Sunday, July 22, 2007

Controlling The Cash Register

Many people that sell cash advances have approached me and asked "what kind of business works best for this product." I think the best way to answer that question is by answering the question "what type of businesses don't work well with this product." What I mean by that is while every merchant cash advance provider has different underwriting policies, they all typically are purchasing future credit card processing receipts at a discount. And if a merchant cash advance provider continuously provides working capital to businesses where they can not collect those future credit card processing receipts, it's common business sense to realize that merchant cash advance provider will not be in business for long.

It would make common sense to market to industries that will have a higher and easier chance of being approved by underwriting. The number one type of business that I would avoid marketing to is one that can "control the cash register." (It's a term I used to describe when the merchant can easily advise on the fly to the customer what payment method to use - whether it's a specific credit card type, or even paying by check or cash). What I mean by that is most merchant cash advance providers are repaid by collecting a percentage of a merchant's future credit card sales. If a merchant can easily control the cash register, there is a greater chance they will attempt to defraud the merchant cash advance provider.

Lets take an example of two merchants, one is a home improvement contractor that only receives 2 credit card payments a week (batches out 8 times a month) and the other business type is a liquor store that accepts on average 40 credit cards a day (batches out 20 times a month). The contractor processes $60,000 a month and the liquor store process $30,000/month in Visa/Mastercard sales from their customers. The contractor's average ticket is $7,500 and the liquor store's average ticket is around $37.50. Now lets assume both merchant funding contracts of the general contractor and the liquor store indicate that the merchant cash provider purchased 20% of all future Visa/Mastercard sales until they are paid off. That would mean on average everytime the general contractor made a credit card based sale, the merchant cash advance provider would be entitled to $1,500 (20% of the $7,500 average ticket) and everytime the liquor store made a credit card based sale, the merchant cash advance provider would be entitled to $7.50 (20% of the $37.50 average ticket).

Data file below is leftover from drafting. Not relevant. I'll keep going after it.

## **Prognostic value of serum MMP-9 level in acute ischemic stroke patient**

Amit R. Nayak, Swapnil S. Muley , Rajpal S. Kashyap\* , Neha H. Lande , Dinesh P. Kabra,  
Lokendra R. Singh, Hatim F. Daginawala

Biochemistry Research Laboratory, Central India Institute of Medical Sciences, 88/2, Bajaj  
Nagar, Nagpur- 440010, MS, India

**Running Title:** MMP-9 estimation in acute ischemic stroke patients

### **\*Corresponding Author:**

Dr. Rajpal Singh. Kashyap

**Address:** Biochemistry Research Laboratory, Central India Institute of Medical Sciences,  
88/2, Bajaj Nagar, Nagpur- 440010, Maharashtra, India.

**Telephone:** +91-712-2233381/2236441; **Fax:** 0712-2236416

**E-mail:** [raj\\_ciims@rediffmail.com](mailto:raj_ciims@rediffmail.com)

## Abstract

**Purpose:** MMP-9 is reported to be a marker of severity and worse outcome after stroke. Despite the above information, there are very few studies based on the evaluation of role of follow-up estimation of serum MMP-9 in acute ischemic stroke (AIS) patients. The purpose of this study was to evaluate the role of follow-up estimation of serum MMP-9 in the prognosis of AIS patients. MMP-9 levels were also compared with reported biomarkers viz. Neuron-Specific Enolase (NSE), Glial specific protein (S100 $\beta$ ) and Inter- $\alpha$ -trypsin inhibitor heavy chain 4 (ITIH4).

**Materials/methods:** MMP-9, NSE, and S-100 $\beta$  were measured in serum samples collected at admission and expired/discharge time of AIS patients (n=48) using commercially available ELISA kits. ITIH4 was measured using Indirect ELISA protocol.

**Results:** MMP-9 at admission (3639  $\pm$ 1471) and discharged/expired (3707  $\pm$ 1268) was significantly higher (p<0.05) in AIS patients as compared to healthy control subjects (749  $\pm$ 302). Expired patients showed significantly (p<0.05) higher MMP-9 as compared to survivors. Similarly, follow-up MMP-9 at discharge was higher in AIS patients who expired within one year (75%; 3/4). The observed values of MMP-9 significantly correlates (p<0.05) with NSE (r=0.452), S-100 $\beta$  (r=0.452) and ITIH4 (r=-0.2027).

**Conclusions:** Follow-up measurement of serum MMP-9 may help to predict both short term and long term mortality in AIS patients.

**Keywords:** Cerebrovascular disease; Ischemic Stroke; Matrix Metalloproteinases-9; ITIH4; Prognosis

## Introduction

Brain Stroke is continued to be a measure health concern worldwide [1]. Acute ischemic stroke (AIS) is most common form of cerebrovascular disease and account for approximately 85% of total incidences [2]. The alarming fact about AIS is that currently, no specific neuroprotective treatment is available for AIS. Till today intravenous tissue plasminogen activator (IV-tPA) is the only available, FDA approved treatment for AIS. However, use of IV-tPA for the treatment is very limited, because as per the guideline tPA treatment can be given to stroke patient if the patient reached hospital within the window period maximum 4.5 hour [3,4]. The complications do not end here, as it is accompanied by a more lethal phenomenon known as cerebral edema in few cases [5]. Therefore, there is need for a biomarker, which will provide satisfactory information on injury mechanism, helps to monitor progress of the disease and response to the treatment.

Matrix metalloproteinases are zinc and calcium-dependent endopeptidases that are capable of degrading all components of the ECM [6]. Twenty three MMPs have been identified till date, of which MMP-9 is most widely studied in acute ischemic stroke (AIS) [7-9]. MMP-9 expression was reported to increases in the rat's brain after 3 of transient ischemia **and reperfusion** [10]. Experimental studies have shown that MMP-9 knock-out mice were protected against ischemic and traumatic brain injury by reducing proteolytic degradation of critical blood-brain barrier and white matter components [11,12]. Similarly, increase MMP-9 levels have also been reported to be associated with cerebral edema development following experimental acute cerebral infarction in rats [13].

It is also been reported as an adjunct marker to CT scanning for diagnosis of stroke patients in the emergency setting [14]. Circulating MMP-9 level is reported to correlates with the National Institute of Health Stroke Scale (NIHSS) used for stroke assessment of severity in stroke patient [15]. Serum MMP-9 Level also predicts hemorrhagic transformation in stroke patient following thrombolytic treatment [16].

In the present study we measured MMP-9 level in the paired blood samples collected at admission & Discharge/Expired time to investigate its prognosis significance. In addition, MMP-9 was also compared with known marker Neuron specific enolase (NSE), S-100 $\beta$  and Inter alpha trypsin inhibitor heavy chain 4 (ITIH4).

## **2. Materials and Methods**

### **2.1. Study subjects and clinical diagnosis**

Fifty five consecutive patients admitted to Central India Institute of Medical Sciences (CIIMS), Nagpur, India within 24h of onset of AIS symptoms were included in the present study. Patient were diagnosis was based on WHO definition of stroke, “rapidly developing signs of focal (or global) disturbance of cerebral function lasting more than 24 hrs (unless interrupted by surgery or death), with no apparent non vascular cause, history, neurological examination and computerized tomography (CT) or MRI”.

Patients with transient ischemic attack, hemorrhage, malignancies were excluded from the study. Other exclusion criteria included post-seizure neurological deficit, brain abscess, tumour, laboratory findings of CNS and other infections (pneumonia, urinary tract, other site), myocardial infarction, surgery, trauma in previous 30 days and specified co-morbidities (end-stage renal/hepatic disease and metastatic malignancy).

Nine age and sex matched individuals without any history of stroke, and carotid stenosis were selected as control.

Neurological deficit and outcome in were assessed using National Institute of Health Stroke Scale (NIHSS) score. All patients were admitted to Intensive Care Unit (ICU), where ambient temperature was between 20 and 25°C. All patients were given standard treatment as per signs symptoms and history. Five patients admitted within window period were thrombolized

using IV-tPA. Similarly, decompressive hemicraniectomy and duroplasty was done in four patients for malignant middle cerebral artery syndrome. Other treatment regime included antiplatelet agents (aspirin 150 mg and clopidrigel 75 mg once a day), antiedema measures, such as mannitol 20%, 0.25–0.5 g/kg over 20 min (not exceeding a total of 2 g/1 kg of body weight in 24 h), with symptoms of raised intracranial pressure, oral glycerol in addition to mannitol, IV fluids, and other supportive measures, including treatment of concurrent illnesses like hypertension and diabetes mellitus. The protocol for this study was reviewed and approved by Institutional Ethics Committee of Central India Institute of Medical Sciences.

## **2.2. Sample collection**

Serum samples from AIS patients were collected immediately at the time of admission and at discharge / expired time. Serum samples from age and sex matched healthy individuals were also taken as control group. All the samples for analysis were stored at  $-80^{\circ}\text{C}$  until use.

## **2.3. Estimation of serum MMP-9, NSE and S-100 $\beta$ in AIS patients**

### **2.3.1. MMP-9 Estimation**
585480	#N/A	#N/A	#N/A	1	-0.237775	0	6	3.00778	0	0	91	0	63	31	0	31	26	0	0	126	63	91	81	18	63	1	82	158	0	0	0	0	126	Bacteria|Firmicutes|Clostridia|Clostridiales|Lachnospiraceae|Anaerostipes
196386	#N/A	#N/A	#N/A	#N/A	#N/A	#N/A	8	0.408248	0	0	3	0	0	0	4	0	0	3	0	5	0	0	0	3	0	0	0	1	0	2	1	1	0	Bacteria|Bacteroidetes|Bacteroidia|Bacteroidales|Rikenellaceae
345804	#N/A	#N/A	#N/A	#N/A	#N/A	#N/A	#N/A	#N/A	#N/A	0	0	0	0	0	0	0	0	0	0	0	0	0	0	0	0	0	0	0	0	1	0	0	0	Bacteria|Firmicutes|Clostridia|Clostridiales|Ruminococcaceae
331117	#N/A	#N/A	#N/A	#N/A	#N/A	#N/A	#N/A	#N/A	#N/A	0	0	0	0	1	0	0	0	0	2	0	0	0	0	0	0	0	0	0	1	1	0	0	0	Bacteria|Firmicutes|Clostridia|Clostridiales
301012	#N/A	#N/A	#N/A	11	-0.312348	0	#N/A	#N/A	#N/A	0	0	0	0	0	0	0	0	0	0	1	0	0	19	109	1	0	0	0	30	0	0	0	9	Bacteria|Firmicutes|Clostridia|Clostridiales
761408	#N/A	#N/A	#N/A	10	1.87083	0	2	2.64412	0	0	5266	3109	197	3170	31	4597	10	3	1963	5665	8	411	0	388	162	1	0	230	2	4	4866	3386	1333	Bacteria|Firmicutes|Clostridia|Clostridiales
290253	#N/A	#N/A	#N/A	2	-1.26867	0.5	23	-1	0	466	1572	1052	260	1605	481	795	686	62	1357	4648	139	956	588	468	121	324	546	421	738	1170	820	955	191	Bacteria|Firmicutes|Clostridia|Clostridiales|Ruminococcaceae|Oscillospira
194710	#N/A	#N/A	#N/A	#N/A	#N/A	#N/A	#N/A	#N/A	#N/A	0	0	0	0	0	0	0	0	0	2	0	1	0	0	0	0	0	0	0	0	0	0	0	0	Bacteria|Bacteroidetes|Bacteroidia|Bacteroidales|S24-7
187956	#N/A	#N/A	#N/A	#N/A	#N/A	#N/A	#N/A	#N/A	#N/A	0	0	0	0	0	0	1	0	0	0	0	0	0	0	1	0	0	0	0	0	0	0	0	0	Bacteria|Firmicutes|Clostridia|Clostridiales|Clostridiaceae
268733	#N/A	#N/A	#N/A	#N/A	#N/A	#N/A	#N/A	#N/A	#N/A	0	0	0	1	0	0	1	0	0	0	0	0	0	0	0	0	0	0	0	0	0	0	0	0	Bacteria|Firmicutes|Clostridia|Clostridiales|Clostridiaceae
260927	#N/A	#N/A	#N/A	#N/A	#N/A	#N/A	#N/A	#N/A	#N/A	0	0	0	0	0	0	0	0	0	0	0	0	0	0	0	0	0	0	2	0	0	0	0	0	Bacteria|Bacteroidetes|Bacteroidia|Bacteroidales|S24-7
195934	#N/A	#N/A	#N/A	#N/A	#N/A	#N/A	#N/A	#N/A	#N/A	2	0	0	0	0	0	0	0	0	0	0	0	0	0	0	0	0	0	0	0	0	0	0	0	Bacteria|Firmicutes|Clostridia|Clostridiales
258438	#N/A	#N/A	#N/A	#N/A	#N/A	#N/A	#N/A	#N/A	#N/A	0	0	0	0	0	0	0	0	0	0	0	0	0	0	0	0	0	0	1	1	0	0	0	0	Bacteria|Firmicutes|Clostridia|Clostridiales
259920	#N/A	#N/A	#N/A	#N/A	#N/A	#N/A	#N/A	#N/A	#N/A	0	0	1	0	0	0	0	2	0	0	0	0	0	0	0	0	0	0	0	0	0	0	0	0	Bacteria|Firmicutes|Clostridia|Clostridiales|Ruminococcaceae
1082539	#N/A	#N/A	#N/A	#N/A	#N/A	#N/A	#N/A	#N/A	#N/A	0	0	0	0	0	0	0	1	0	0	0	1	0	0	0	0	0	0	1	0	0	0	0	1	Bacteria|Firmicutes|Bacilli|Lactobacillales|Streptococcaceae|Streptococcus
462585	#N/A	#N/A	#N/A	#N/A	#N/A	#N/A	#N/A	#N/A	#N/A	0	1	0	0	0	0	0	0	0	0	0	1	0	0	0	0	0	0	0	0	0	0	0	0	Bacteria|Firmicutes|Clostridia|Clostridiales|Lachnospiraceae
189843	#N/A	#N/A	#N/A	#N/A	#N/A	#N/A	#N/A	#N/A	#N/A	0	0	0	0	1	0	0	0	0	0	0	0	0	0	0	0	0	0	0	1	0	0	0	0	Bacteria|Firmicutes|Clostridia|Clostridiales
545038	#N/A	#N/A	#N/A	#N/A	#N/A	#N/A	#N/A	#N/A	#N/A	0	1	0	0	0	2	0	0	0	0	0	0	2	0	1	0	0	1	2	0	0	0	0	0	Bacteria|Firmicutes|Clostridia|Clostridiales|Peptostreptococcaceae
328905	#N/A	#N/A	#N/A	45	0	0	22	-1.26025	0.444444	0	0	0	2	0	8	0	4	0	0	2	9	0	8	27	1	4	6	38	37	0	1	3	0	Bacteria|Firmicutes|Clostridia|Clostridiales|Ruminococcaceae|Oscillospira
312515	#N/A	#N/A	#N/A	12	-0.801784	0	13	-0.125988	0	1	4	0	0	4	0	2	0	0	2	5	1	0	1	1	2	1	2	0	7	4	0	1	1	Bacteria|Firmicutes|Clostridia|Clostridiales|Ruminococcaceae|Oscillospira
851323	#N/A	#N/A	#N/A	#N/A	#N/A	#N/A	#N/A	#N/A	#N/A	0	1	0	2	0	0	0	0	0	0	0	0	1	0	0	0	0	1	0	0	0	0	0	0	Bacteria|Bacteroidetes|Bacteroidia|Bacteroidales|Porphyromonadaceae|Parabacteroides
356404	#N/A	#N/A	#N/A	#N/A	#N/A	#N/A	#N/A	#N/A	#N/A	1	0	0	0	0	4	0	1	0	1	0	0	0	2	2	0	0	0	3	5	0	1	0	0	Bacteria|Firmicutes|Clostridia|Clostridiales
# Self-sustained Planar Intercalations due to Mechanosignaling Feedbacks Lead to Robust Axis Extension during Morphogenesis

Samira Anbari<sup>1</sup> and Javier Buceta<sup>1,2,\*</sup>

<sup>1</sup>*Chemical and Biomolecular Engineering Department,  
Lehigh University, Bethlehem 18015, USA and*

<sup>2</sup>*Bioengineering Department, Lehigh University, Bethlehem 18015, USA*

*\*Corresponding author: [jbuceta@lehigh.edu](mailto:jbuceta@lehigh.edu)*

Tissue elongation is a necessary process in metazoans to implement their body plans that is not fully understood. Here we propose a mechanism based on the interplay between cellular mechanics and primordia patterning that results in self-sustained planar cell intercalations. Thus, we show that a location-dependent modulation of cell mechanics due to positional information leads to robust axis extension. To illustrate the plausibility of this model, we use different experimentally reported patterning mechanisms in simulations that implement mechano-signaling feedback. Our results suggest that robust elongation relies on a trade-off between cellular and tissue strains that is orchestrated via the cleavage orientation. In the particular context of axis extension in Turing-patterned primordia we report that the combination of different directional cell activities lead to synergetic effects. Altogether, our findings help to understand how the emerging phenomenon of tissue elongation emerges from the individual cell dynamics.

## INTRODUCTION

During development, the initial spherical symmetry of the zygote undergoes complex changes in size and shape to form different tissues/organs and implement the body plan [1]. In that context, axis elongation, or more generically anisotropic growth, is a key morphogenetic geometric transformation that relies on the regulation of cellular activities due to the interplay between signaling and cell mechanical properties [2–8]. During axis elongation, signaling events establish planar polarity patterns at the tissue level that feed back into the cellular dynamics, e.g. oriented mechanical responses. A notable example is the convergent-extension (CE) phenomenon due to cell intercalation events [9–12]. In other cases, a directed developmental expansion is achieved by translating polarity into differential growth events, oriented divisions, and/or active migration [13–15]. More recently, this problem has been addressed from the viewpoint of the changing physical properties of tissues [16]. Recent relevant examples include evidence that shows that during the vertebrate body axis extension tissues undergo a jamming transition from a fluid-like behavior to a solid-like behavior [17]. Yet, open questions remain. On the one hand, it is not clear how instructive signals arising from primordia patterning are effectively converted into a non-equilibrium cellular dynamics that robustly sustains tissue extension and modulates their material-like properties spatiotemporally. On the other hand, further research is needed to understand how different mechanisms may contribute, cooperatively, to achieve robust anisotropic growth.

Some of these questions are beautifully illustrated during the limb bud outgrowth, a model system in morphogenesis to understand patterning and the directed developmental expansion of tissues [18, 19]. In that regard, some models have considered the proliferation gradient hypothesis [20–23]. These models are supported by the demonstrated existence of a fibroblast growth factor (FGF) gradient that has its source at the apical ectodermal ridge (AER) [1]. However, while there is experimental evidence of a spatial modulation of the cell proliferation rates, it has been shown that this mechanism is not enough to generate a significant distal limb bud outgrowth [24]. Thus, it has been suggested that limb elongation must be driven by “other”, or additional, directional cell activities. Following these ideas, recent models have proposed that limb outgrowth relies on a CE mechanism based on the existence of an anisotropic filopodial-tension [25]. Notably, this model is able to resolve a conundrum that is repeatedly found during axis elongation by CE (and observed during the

Now, lets keep in mind the $7,500 and $37.50 in each example due to the merchant cash advance provider everytime the merchant is supposed to make a Visa/Mastercard sale while I discuss "controlling the cash register." Because the general contractor typically only has one customer a day (if that) that is paying by credit card, isn't in a retail environment and typically isn't delivering the product to the customer right away (future delivery) they can easily say to the customer, "when the job is done, if you pay me with an American Express card or check I can deduct 10% off the price." What the contractor has done here is saved $750 in their cash flow(normally 20% of the transaction or $1500 would have been paid back to their merchant cash advance provider if a Visa/Mastercard was used by the customer to make payment), but instead $0 is paid back to the merchant cash advance provider because the merchant circumvented the system by advising the customer to use an American Express card. By doing so, the merchant "saved" $750 (they gave 1/2 in discount to the customer) in that case and in turn they are deceiving the merchant cash advance provider that previously gave them working captial. The merchant cash advance provider did not get the 20% of this transaction ($1,500) they were entitled to that would have went against the merchant's balance and to the merchant cash advance provider.

Now lets look at the liquor store example, typically it can be in a fast paced environment, people don't have checks on them, there is no future delivery (they customer gets the end product typically at the time of sale) and we have found merchants are less inclined to default on their agreement with their merchant cash advance provider in a low ticket environment to ask their customers to use a card other than Visa and Mastercard that would prevent the merchant cash advance provider from receiving their percentage of future sales they have made. They would have to do 100 defaults on their merchant agreement at $7.50 (meaning to instruct the customer not to use a Visa/Mastercard to make a purchase, but another credit card or payment type) each to equal the 1 time the contractor has to do it to bypass the $750.

To sum it up, if you are spending marketing dollars to market this product, the number one type of business I like to avoid are ones that meet the criteria of the general contractor mentioned above - large average ticket items, low number of batches each month (I typically consider low under 12- 15 times a month) and future delivery (where the customer is coming back in most cases and can prearrange a payment method).

With that said, you want to focus your marketing efforts on those businesses with low average tickets, batch frequently (at least 12 - 15x a month on average) and have no future delivery of their products/services - basically where the merchant can not "control the cash register."

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